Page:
MADELEINE is the disquieting account of the disappearance and
subsequent search for the British girl Madeleine McCann, written by her
mother Kate, and includes excerpts of the diary Kate kept over that
It’s a riveting personal account of the incident, which many of
us have read much about in the years since Madeleine was snatched, but
at the same time, the enormity and horror of what happened to the
gorgeous three-year-old, and what might have happened to her
subsequently, make it a harrowing read. Madeleine’s happy wide-eyed
photo on the cover is heart-wrenching.
It’s hard not to make judgment calls on the parents, medical
doctors Kate and Gerry, who while holidaying at a resort in Portugal
with other couples, left Madeleine and their two-year-old twins in their
unlocked holiday apartment, 120 metres
away from where they dined with the other adults in their party each
night. Besides the threat of
abduction, what if the children had awoken from a bad dream and needed a
cuddle, or got out of bed and hurt themselves, or a fire had started?
There was also a swimming pool in the complex. In terms of basic child
care, I felt the two doctors were disappointingly misguided and naïve to
think it was acceptable to leave their children alone in a strange
On the morning of May 3,
2007, the night Madeleine was abducted, Kate writes that Madeleine asked
her mother why she had not come the previous night, when she and her brother had cried for her. The
McCanns, both medical doctors, brushed that off, and went out again
that night, something they will no doubt regret for the rest of their
lives. When they checked on the children later, Madeleine was gone. The
question that haunts the reader is: why were the children crying that
night? Had someone come into their apartment and frightened them?
Kate McCann rails against aspects of the ensuing media frenzy,
accusing various publishers of denigrating her and her husband after
they were named as suspects by the Portuguese police. She must also,
however, acknowledge her debt to the same media that has kept her
daughter’s image on the front pages and the television screens of
millions of people, and continues to do so five years later. Kate comes
across as very defensive. Understandably, she is often very angry. The
couple have made many enemies, and have not been above suspicion. The
international media have simply reflected all this because of the way
the McCanns themselves introduced the world to their plight. Madeleine
became the focal point for global hope. She was gone, and the public
yearned for a happy ending and wanted her back safely. Incidentally,
Madeleine, as young as she was, hated being called Maddy, according to
Kate. The media preferred the contraction of the name though, as it
fitted better into headlines and poster bills.
I found the diary notes in which Kate addresses the missing
Madeleine, to be flat at best. If there were outpourings of abject
apology, poignant expressions of love, and intensely emotional accounts
of how she missed her beautiful little girl, they have been excluded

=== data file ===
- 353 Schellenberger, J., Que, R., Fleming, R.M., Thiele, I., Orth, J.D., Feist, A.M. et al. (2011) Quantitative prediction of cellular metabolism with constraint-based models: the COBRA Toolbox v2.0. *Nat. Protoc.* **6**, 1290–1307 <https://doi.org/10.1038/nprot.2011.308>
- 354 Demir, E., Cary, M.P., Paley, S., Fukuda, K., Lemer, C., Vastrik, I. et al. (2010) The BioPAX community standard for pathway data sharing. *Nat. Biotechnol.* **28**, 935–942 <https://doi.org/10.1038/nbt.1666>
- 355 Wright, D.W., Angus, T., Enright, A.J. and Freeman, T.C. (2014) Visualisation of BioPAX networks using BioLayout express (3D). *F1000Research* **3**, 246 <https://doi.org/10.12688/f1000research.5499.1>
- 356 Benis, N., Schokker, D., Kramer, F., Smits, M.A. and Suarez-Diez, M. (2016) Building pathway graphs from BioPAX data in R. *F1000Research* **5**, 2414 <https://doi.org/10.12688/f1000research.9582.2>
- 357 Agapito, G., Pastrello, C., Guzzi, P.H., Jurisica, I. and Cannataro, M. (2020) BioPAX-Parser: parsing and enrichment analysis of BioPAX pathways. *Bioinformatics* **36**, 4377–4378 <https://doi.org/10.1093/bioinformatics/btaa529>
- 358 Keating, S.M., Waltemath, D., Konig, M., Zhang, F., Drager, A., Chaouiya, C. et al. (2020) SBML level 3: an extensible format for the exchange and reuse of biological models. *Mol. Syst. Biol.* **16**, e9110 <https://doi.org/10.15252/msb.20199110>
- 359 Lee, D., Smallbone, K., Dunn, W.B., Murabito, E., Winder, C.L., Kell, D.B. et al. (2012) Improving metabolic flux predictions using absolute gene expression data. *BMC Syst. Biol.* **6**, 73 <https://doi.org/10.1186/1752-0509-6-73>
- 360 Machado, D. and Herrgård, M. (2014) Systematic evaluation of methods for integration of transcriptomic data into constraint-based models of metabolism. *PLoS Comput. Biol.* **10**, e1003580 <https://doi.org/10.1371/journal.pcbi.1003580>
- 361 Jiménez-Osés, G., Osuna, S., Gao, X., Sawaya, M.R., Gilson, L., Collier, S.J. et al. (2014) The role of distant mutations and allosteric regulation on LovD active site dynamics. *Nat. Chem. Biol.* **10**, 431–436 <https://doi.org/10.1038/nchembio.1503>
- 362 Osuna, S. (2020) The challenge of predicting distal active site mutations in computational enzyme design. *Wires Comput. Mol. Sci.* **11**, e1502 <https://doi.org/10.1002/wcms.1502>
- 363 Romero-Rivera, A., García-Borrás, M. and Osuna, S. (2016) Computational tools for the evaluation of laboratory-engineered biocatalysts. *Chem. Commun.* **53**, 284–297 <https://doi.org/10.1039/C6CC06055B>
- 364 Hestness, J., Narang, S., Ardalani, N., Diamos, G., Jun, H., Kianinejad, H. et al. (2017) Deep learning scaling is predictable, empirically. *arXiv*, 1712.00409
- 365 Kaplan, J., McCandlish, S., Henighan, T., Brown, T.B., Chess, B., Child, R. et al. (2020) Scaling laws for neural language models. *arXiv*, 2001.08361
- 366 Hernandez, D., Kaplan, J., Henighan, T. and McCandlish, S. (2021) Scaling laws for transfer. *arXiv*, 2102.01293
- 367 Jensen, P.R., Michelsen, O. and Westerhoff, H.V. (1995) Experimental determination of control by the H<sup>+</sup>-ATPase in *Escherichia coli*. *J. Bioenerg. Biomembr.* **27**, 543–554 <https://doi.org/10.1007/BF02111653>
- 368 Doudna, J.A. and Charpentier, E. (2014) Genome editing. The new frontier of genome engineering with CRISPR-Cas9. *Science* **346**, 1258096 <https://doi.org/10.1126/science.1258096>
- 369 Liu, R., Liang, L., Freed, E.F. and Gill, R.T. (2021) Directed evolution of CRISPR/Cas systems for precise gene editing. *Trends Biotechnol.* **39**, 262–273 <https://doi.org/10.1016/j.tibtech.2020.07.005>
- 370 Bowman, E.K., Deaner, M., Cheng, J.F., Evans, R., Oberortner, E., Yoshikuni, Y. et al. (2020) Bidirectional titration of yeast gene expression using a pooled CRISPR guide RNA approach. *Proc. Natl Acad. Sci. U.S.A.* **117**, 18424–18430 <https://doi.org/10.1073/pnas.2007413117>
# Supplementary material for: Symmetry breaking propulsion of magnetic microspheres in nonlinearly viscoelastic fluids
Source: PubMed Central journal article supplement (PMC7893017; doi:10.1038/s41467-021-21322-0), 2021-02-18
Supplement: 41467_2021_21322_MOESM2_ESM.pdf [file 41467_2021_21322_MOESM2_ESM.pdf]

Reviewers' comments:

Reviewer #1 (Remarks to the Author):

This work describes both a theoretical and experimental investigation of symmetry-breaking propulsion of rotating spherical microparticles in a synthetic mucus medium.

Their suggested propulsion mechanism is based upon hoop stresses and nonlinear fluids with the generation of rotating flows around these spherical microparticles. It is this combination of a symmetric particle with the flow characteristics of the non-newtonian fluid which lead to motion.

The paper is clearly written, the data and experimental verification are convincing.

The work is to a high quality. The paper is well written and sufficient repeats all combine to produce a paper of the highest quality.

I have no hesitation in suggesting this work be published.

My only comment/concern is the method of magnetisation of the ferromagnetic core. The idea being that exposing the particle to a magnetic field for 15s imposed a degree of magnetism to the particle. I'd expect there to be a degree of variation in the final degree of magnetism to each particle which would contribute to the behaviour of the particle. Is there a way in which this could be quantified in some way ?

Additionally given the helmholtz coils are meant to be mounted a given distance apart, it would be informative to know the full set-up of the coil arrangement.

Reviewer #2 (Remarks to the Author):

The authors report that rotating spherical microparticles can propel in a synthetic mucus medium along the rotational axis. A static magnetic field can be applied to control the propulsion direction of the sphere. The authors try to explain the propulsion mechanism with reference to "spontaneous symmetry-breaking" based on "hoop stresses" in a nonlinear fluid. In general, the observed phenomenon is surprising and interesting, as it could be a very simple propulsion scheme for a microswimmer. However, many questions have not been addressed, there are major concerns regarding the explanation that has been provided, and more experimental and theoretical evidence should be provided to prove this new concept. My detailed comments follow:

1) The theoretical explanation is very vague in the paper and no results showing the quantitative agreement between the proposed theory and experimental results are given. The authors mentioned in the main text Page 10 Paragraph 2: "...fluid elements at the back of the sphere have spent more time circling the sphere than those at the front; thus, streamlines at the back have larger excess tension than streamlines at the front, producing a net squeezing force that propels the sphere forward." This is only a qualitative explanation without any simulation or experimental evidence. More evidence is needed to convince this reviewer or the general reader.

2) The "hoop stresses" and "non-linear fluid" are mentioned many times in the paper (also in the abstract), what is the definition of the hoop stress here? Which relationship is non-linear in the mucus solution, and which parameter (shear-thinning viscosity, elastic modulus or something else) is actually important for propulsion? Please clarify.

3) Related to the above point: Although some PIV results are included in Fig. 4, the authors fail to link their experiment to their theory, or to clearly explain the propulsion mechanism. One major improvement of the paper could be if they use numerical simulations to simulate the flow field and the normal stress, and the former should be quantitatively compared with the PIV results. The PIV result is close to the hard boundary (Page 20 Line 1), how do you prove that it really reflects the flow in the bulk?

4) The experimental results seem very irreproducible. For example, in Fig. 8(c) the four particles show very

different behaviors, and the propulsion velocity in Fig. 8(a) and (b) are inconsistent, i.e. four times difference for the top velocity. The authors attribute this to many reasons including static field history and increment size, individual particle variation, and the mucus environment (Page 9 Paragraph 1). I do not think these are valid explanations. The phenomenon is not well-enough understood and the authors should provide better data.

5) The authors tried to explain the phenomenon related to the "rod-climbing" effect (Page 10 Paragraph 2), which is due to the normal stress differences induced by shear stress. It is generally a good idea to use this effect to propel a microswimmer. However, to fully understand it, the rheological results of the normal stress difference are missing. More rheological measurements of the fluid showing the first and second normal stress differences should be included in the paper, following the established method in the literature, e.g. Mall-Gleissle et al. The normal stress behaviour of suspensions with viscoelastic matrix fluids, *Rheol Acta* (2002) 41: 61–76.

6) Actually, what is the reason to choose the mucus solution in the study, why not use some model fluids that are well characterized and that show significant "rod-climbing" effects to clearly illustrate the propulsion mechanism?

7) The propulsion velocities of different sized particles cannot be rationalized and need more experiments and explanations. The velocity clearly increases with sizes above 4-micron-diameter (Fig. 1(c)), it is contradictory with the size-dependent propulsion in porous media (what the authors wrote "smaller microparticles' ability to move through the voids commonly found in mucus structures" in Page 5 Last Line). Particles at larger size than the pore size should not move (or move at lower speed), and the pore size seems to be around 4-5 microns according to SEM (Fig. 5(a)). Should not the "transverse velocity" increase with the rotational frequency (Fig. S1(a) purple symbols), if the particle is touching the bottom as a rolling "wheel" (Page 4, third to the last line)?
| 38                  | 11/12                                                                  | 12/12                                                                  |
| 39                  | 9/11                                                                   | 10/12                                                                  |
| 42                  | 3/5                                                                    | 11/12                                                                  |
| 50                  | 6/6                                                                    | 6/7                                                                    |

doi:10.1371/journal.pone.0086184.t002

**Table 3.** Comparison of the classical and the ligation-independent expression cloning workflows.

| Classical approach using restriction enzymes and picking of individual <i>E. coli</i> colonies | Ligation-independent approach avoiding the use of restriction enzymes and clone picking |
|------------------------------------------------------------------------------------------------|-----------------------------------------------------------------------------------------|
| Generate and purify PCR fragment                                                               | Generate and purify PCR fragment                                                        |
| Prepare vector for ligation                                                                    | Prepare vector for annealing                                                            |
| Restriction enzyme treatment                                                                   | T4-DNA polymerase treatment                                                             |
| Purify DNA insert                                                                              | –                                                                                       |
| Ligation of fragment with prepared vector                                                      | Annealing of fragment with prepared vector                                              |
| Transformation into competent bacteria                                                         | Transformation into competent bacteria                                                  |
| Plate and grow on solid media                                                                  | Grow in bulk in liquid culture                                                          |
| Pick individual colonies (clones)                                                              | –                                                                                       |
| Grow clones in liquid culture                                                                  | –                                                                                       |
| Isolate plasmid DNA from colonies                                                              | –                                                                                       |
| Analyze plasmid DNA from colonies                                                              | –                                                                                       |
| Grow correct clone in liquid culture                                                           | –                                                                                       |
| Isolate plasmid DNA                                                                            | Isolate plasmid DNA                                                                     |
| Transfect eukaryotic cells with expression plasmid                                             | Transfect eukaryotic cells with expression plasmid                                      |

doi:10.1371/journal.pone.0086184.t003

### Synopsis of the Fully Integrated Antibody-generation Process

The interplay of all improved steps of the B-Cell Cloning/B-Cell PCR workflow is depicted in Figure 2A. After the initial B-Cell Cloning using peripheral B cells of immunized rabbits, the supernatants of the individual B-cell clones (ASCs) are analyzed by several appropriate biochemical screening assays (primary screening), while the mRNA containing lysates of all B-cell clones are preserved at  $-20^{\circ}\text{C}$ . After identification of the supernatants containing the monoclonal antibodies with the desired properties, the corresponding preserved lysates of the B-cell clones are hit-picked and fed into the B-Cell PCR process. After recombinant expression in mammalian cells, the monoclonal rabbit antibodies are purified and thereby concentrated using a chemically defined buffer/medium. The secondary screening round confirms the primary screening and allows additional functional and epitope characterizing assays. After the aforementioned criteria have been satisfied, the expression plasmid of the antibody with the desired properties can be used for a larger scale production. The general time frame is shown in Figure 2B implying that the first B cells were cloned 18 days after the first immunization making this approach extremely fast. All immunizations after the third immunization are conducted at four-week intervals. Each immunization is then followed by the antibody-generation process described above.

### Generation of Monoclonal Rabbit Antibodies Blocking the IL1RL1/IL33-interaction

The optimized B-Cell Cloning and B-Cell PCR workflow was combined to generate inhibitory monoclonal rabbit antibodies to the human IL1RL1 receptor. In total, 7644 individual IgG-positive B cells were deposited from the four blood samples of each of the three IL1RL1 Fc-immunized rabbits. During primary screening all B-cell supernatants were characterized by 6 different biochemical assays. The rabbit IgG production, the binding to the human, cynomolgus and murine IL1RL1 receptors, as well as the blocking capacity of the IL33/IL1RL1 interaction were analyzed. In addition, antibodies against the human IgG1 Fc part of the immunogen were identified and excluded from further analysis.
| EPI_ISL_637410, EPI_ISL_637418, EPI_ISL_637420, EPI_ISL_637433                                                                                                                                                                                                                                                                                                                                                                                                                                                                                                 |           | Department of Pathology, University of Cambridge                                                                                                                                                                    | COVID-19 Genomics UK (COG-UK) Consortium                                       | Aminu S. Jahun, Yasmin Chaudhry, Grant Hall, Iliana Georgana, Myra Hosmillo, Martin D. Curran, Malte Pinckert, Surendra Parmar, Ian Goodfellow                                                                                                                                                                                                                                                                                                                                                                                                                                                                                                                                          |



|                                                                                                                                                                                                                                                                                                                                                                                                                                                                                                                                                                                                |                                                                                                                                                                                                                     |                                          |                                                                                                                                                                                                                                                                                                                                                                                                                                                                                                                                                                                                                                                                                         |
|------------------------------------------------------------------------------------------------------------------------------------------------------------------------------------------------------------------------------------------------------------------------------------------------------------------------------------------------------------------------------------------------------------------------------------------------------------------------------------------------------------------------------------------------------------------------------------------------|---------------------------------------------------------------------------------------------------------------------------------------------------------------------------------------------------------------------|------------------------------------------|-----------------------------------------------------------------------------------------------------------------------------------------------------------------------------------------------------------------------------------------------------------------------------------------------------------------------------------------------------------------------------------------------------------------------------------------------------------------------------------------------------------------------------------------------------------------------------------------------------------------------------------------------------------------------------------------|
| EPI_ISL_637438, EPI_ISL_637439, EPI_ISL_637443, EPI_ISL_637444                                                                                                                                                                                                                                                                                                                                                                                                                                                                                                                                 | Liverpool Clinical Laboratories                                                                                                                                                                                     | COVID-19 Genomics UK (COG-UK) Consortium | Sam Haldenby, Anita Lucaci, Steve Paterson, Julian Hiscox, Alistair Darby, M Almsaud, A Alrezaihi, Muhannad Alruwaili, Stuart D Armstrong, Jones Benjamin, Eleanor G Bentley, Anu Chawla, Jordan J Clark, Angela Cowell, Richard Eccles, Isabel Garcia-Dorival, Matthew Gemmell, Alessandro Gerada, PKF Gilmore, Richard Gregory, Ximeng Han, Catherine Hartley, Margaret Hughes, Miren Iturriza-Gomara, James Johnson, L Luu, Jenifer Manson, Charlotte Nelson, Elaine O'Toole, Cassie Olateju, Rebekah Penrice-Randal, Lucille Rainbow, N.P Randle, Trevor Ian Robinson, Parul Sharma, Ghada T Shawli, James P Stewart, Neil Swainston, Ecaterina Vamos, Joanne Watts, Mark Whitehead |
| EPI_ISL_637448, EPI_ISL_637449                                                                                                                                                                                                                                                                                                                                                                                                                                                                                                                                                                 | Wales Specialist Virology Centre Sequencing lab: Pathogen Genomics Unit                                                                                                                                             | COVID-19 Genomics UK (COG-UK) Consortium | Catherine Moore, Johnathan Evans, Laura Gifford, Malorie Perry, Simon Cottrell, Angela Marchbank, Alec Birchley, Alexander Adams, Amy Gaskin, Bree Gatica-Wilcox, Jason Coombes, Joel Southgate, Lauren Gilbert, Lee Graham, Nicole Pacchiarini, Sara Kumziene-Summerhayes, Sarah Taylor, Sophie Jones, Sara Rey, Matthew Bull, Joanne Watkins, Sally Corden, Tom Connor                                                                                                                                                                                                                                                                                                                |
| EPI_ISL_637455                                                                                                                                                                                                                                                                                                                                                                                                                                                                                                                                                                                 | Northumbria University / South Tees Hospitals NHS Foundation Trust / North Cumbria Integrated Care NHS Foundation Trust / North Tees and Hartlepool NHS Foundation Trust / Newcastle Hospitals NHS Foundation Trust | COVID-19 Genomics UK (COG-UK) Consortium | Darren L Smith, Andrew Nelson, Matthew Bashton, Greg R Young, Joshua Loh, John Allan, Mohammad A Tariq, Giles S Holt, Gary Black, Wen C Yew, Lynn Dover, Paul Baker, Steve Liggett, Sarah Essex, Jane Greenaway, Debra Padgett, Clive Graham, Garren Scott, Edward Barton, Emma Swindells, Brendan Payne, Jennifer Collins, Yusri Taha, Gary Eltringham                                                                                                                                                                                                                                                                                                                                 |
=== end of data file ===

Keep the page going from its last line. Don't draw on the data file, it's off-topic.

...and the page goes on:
from the book. Kate and her somewhat enigmatic husband clearly love
their daughter, and want her back, but I found there was an odd tone to
the book, and my overriding response to both parents was an uneasy
disdain. As full-time doctors, they led busy lives career-wise, and one
assumes they had scant quality time with their three children, who were
under four-years-old at the time. Yet, when they found time for a family
holiday abroad, they quickly booked their children into crèche at the
resort, getting them out the way so they could spend time doing their
own thing. That in itself astounded me.
The sinister story of the subsequent police investigation serves
as a very poor indictment on the Portuguese police, whose reaction was
flabby, unintelligent and plain slack. One hopes they have put protocols
in place to correct their procedures now. It is also terrifying to read
that subsequent investigations revealed that in the three years prior to
the McCann’s visit to Portugal, five cases of children being sexually
assaulted in their beds, while their parents slept in adjoining rooms,
within an hour’s drive of where they stayed, had been recorded. There
are too many “if onlys” — and each one on its own was enough to fail
So where is Madeleine now, and who is searching for her? The book
reveals an age-progressed photo of what Madeleine would look like now.
Sadly, there is no active search going on, besides that which the
McCanns themselves are driving.
The book will resonate with anyone who ever wondered where
Madeleine is, or worried about their children and stranger danger. While
this review is being written, a child of a similar age is missing from
his home in Slangspruit, near Edendale. Mcebisi Zondi disappeared from
his home at the end of May, without a trace.
The Witness published a story of another toddler who went missing
from his rural home near Otto’s Bluff, about two years ago. He too was
never found. There are others unaccounted for, including 12-year-old
Fiona Harvey, who went missing on December 22,1988,
whose story will also haunt this city for years to come.
Madeleine is a book well worth reading, although some may find
aspects of the story disturbing. As for Kate and Gerry McCann, you
by Kate McCann is
published by Bantam Press.